The Department of Homeland Security's disappointing record.

The conventional wisdom debunked.
Sept. 11 2007 7:20 AM

Homeland Insecurities

Six years after 9/11, we're still not thinking strategically.

Homeland Security Secretary Michael Chertoff

Once again, the Department of Homeland Security is in the cross hairs. A just-released Government Accountability Office report bashed DHS for making limited progress on emergency-response capabilities and the management of human capital. DHS's progress was rated as "substantial" in only one of the 14 areas surveyed: maritime security. Although the GAO's criticisms are valid, it measures homeland security by bureaucratic-efficiency standards rather than by whether our country is safer from a terrorist attack. The report and other critiques of DHS miss the broader problem: The U.S. government has not taken a strategic approach toward homeland security.

The lack of a strategic approach has led to several real risks and vulnerabilities that go beyond the scope of the GAO report. Perhaps most important, DHS does not focus on ensuring the support of American Muslims. If terrorists can hide among a sympathetic local community, the job of police and intelligence officials is daunting. On the other hand, if locals oppose terrorism, the radicals must constantly be on the run. As the recent arrests in Germany suggest, homegrown terrorists, particularly those aided by skilled foreigners, can pose a grave danger. Fortunately, in contrast to Europe, American Muslims are well-integrated, well-educated, and prosperous, and many local law-enforcement officials are having more success reaching out to this community. Many breaks in much-trumpeted FBI successes against supposed jihadists at home, such as the case of the "Lackawanna Six," have come from local community members calling in tips.


Still, this goodwill should not be taken for granted. A 2005 survey of Muslim youth activists found that 70 percent felt that the American public had "significant hostility" toward Muslims. This is not paranoia on the part of young Muslims. Racist comments directed at Muslims have become more frequent since 9/11, as have acts of intimidation, such as the vandalism of mosques.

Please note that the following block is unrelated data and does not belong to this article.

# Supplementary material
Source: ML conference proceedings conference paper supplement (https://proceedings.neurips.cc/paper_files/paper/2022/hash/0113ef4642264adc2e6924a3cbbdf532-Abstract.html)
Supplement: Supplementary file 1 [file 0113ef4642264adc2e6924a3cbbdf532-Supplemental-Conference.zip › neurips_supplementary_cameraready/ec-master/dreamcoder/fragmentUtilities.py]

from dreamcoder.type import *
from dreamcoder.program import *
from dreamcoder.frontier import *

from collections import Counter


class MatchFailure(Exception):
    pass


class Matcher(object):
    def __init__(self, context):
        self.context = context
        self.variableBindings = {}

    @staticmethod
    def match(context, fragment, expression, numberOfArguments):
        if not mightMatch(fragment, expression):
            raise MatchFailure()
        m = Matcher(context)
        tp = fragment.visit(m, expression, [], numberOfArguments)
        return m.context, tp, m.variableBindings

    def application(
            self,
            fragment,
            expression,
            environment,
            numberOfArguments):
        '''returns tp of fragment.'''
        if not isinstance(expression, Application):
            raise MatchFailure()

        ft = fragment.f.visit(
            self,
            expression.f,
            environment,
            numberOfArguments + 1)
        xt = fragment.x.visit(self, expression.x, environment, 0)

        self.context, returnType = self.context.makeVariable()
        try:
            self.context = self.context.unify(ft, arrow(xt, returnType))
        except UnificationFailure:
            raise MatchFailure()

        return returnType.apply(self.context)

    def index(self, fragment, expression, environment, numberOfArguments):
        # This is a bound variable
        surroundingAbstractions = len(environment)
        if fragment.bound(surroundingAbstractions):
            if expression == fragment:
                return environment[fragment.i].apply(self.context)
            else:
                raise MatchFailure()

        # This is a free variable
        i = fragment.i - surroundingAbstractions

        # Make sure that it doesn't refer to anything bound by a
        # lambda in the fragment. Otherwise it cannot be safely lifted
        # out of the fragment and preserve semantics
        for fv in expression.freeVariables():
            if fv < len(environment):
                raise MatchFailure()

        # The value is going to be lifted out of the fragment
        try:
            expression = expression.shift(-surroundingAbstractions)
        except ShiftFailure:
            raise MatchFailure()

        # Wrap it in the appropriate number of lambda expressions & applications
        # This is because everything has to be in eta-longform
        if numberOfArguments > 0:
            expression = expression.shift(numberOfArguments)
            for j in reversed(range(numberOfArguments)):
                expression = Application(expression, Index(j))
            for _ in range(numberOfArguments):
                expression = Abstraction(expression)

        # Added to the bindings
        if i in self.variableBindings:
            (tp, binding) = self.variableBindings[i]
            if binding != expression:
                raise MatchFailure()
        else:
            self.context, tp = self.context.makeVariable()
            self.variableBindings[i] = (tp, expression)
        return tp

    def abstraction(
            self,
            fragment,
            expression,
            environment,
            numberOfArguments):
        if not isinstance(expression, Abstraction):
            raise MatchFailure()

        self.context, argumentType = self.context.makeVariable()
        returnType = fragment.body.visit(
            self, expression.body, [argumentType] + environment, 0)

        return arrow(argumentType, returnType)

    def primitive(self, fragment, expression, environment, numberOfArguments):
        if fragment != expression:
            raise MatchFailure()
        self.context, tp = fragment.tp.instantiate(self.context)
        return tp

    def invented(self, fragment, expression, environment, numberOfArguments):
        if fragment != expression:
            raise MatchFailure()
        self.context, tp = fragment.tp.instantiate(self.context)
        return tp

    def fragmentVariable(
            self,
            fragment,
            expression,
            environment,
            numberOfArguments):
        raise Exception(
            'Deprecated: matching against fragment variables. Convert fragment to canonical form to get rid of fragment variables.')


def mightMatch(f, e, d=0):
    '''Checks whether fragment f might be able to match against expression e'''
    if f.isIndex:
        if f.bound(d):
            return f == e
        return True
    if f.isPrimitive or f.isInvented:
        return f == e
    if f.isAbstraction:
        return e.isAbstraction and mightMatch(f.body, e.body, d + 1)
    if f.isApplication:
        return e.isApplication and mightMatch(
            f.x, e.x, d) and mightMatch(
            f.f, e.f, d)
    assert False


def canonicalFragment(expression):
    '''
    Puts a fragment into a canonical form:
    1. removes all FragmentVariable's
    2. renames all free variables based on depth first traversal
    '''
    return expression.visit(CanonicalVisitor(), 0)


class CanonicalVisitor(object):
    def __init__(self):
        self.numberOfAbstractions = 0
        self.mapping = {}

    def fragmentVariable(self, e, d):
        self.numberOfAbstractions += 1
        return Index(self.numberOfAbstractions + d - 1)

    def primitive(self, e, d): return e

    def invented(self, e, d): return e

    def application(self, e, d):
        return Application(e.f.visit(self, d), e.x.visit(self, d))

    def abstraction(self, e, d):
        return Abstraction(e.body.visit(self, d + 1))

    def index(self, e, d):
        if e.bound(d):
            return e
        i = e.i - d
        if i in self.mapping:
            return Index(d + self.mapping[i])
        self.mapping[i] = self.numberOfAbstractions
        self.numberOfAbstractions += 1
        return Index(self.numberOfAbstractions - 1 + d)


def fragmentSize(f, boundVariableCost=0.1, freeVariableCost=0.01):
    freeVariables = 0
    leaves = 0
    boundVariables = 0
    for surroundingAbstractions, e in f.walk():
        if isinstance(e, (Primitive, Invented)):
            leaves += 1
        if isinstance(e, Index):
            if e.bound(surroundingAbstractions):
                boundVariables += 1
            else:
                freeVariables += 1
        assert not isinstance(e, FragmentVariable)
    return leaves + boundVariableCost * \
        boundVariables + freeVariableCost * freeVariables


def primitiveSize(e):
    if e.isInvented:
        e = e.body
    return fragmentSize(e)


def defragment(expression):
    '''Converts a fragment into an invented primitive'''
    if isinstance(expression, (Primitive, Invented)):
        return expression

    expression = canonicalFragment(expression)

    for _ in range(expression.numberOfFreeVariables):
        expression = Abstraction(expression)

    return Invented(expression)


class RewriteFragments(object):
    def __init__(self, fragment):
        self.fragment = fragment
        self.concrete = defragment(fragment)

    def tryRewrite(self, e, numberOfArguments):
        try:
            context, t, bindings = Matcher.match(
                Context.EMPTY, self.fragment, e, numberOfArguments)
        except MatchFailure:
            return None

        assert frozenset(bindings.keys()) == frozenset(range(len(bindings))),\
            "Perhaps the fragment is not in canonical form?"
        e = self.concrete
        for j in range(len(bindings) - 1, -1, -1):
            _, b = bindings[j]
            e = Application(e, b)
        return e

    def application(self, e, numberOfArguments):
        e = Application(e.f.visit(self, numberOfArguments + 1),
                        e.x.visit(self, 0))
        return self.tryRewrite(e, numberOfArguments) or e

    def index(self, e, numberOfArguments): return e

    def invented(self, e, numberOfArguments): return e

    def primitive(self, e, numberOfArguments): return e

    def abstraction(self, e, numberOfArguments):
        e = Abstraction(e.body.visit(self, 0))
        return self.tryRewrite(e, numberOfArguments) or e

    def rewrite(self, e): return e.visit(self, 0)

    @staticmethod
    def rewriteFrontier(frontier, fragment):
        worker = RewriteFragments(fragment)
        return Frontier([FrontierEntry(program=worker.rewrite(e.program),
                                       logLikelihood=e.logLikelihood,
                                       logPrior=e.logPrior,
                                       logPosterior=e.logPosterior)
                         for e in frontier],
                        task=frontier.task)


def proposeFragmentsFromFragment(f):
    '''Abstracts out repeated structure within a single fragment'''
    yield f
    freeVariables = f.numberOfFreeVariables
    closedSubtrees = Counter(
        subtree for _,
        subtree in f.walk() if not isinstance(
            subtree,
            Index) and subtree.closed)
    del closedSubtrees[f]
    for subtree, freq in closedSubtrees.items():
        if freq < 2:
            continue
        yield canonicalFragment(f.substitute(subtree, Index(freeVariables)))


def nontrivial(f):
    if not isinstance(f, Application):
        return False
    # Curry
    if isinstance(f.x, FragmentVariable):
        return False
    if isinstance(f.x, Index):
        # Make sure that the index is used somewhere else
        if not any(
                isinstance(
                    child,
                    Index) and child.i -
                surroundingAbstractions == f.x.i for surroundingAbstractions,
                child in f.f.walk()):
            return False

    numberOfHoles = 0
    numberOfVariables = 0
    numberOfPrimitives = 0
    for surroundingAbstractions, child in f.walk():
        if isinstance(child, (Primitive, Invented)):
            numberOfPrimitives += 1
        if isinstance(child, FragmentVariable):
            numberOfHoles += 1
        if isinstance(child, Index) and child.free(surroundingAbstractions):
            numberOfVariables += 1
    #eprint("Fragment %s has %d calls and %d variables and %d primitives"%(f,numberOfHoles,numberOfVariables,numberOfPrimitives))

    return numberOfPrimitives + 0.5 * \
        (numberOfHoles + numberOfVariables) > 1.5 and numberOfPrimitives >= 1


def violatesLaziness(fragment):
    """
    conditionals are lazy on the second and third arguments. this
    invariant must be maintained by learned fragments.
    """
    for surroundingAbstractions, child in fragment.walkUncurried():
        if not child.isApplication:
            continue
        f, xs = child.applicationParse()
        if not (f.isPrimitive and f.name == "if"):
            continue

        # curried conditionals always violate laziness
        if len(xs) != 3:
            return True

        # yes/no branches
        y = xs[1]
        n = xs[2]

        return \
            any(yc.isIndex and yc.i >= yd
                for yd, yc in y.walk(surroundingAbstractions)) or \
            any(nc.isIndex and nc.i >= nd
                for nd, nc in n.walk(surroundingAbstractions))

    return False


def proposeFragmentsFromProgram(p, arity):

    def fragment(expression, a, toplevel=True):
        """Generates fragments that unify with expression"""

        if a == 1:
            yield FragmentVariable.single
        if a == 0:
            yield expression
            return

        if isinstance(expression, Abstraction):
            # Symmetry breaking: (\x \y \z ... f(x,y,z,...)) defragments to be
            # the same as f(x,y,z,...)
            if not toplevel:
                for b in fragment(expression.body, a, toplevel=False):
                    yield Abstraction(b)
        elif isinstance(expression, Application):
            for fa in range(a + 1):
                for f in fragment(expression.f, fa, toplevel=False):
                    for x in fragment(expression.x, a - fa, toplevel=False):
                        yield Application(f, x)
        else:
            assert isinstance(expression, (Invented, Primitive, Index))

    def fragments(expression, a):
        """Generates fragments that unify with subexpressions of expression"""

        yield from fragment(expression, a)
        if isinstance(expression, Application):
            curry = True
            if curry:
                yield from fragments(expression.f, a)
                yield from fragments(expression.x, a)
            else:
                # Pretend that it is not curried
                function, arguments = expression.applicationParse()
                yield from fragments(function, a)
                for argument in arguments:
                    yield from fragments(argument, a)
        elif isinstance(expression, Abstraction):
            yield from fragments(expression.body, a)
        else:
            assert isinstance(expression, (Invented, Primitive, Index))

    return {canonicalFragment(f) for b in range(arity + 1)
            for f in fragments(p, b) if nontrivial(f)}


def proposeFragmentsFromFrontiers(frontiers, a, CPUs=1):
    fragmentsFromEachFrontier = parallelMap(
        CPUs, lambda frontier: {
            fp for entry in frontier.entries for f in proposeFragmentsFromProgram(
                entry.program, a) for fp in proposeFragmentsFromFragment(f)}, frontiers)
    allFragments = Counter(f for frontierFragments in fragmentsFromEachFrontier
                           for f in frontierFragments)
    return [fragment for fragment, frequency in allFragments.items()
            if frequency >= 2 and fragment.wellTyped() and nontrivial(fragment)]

A second strategic problem is that no government agency focuses on perception management (though DHS technically has a mandate for part of this mission). In Israel, after a terror attack, special crews rapidly clean up the scene in order to signal that terrorism will not disrupt daily activity. In the United States, in contrast, government officials inadvertently send the opposite message. Then-Department of Health and Human Services Secretary Tommy Thompson's 2004 declaration that "I cannot understand why the terrorists have not, you know, attacked our food supply because it is so easy to do" is perhaps a particularly low point in public rhetoric, but in general our leaders seem to delight in emphasizing potential vulnerabilities, often showing an imagination far beyond that of actual terrorist groups. Terrorist use of a radiological "dirty bomb"—a real possibility—illustrates this problem. An attack and the ensuing radiation poisoning would likely kill only a few people, but many more casualties would result if frightened people were to race out of town because the government was unable to reassure them that they would be safe if they remained. 

Domestic intelligence is another strategic challenge. The FBI is outside the Department of Homeland Security's purview, yet it remains perhaps the most important agency with regard to domestic security. Historically, the FBI's strength has been law enforcement, not intelligence. While the FBI has made many strides since 9/11, a report by the National Academy of Public Administration found that the bureau still has significant problems in how it recruits, hires, and develops its leaders. Thomas Kean and Lee Hamilton, who co-chaired the 9/11 commission, reported Sunday that analysts are still second-class citizens in the bureau. Because the FBI does not regularly produce a domestic threat assessment, U.S. policy-makers still do not have a comprehensive view of the current threat (or lack thereof) and how it is evolving. The "first responders"—state and local officials—often lack access to intelligence and are out of the loop.


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